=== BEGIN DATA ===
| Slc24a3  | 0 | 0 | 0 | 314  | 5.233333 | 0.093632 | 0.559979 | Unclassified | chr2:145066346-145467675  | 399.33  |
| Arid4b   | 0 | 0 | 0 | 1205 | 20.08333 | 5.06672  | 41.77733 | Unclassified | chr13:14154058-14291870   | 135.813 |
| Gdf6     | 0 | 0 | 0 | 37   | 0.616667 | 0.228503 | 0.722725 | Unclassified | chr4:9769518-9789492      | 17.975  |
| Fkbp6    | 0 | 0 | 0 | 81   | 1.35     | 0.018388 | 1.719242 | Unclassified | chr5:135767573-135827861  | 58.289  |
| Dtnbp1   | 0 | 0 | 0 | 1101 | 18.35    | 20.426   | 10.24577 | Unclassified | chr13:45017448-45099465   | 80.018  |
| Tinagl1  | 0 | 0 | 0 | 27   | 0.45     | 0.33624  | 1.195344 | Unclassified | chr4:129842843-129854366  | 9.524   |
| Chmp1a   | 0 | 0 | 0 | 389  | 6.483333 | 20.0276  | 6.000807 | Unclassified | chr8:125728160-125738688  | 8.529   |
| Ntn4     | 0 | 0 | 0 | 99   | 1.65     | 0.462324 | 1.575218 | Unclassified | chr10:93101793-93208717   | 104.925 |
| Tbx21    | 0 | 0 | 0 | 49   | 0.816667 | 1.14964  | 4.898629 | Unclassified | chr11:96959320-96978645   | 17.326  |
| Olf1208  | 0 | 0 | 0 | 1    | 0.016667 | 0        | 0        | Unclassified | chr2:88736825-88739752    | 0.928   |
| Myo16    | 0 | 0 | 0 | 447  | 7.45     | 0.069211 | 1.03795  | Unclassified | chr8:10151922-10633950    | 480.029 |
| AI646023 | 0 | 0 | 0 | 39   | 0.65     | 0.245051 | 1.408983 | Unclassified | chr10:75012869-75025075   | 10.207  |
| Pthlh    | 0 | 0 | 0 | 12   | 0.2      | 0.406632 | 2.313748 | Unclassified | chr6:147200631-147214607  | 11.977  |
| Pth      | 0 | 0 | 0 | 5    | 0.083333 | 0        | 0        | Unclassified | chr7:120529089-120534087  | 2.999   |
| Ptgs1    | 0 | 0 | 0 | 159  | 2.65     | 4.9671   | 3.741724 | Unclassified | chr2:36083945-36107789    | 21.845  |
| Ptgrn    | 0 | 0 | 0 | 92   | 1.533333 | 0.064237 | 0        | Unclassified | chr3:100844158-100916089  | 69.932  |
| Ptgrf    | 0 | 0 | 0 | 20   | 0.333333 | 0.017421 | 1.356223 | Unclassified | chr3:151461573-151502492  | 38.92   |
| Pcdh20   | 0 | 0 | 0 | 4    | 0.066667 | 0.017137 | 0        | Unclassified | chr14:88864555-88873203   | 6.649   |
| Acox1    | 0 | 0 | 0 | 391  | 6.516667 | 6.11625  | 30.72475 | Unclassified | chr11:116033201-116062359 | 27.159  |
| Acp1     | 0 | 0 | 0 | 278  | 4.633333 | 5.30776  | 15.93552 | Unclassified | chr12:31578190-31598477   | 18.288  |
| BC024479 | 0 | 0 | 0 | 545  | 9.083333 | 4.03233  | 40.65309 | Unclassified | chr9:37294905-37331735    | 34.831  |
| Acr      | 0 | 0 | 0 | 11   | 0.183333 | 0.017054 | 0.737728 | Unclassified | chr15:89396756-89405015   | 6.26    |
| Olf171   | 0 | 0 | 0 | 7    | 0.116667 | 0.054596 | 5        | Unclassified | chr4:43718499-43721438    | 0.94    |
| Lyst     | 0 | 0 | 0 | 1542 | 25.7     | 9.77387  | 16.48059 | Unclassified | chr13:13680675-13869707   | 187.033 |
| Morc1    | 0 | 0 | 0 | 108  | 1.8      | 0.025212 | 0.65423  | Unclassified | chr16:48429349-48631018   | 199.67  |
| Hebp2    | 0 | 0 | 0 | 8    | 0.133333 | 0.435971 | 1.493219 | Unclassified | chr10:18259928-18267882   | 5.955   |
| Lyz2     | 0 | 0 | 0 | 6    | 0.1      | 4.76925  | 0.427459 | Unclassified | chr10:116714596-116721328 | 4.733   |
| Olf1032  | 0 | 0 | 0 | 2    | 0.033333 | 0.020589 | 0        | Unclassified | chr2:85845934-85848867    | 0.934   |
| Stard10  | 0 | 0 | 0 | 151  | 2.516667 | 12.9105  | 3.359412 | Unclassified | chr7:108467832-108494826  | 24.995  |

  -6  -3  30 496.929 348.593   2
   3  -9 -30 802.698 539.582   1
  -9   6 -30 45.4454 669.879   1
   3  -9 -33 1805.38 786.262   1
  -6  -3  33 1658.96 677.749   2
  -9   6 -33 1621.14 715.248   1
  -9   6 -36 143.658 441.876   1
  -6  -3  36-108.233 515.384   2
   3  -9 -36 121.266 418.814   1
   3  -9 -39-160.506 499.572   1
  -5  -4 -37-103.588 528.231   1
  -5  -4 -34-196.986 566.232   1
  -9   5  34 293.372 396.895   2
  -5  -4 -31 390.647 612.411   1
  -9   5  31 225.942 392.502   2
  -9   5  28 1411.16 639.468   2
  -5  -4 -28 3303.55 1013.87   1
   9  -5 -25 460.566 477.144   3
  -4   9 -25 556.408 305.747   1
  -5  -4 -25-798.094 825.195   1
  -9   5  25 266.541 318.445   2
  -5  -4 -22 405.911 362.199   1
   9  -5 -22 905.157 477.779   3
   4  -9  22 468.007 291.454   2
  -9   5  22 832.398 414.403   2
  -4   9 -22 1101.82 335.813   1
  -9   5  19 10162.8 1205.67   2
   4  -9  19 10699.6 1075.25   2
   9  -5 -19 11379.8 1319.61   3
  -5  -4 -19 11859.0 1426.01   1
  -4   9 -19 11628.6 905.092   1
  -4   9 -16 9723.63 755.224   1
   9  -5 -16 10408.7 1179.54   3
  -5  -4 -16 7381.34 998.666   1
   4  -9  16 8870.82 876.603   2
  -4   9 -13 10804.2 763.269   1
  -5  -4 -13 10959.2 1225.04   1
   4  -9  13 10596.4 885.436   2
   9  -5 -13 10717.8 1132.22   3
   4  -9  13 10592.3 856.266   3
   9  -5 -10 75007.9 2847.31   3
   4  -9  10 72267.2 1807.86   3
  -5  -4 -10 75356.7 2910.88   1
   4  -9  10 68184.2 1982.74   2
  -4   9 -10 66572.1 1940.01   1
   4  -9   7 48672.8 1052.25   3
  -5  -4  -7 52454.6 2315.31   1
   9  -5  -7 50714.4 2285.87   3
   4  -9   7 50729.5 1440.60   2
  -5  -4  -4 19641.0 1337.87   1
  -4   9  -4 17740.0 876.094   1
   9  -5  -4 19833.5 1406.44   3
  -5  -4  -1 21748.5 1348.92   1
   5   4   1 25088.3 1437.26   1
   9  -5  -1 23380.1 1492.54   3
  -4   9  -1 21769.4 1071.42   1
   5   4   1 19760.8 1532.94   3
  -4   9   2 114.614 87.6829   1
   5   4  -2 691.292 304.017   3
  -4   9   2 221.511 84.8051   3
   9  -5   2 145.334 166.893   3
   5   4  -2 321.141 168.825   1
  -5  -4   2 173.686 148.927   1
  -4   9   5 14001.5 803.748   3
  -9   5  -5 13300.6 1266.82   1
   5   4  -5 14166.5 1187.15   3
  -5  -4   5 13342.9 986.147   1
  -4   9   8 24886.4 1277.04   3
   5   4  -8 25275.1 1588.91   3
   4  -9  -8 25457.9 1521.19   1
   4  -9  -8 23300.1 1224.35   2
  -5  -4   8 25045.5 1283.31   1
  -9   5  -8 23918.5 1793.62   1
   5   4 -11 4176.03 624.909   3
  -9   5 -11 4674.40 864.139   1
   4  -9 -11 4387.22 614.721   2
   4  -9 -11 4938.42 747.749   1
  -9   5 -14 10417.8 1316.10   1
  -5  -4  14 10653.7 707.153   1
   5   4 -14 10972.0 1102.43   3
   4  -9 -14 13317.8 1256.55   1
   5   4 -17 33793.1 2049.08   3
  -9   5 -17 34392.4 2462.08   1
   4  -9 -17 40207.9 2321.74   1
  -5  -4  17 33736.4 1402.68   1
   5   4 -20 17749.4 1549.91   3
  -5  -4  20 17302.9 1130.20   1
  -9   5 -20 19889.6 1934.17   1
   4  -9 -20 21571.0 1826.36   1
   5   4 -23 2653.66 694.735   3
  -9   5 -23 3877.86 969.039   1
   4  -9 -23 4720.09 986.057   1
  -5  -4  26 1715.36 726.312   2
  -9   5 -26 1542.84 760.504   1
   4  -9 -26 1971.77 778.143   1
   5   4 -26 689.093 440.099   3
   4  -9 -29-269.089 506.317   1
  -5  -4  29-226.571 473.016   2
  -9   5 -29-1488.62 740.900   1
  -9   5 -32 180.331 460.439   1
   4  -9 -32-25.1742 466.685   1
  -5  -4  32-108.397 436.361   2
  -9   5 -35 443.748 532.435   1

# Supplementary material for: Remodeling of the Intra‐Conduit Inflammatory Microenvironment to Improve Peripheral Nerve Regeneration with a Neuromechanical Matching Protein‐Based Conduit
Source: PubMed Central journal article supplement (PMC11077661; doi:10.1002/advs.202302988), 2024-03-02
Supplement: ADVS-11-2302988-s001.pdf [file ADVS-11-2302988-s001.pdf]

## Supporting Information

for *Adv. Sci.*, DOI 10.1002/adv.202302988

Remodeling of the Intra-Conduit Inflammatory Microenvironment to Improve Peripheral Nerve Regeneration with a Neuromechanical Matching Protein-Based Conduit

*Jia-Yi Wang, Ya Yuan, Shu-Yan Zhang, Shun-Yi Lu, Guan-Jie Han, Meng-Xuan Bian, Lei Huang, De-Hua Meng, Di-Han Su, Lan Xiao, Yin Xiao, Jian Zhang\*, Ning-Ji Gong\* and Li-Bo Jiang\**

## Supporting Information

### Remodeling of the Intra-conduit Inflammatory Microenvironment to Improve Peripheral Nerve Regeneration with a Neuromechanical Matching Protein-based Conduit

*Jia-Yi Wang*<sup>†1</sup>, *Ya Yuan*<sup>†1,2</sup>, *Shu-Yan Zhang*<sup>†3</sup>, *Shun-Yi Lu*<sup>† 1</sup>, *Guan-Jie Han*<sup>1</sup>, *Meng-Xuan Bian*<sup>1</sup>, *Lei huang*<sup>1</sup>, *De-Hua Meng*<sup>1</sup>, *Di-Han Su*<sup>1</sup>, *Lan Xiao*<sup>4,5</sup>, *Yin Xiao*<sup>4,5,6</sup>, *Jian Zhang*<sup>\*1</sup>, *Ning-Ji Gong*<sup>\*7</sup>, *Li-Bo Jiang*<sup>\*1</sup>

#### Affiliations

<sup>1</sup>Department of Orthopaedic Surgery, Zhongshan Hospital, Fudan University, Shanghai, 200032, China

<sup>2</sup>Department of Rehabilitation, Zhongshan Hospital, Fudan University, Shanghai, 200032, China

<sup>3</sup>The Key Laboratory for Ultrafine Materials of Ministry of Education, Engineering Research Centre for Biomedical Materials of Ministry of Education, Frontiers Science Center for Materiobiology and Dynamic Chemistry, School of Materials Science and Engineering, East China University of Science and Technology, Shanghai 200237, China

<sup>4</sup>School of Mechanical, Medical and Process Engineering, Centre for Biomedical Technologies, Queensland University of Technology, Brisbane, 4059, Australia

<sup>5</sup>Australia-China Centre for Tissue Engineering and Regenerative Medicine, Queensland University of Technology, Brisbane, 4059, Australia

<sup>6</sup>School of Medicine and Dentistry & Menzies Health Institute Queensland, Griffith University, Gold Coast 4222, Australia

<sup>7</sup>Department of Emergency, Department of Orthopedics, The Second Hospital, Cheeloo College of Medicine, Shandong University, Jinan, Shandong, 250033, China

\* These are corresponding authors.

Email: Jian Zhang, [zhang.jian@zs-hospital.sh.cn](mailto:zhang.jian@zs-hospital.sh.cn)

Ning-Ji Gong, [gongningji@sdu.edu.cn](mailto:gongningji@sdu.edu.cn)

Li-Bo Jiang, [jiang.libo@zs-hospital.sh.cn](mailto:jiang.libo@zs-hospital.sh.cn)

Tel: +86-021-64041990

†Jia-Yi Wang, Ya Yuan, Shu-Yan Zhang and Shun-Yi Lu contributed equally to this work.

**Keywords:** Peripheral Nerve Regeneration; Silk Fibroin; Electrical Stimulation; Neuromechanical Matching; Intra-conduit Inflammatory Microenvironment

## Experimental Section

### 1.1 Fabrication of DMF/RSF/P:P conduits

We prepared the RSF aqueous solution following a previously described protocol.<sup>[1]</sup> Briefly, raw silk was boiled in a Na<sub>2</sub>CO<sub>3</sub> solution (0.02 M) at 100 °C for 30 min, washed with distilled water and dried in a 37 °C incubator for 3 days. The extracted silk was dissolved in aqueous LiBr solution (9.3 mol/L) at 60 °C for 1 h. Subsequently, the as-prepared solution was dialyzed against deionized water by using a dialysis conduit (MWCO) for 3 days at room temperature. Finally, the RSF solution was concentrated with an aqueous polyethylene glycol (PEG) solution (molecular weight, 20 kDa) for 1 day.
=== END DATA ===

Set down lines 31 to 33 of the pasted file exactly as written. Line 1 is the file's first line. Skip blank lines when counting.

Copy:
   3  -9 -30 802.698 539.582   1
  -9   6 -30 45.4454 669.879   1
   3  -9 -33 1805.38 786.262   1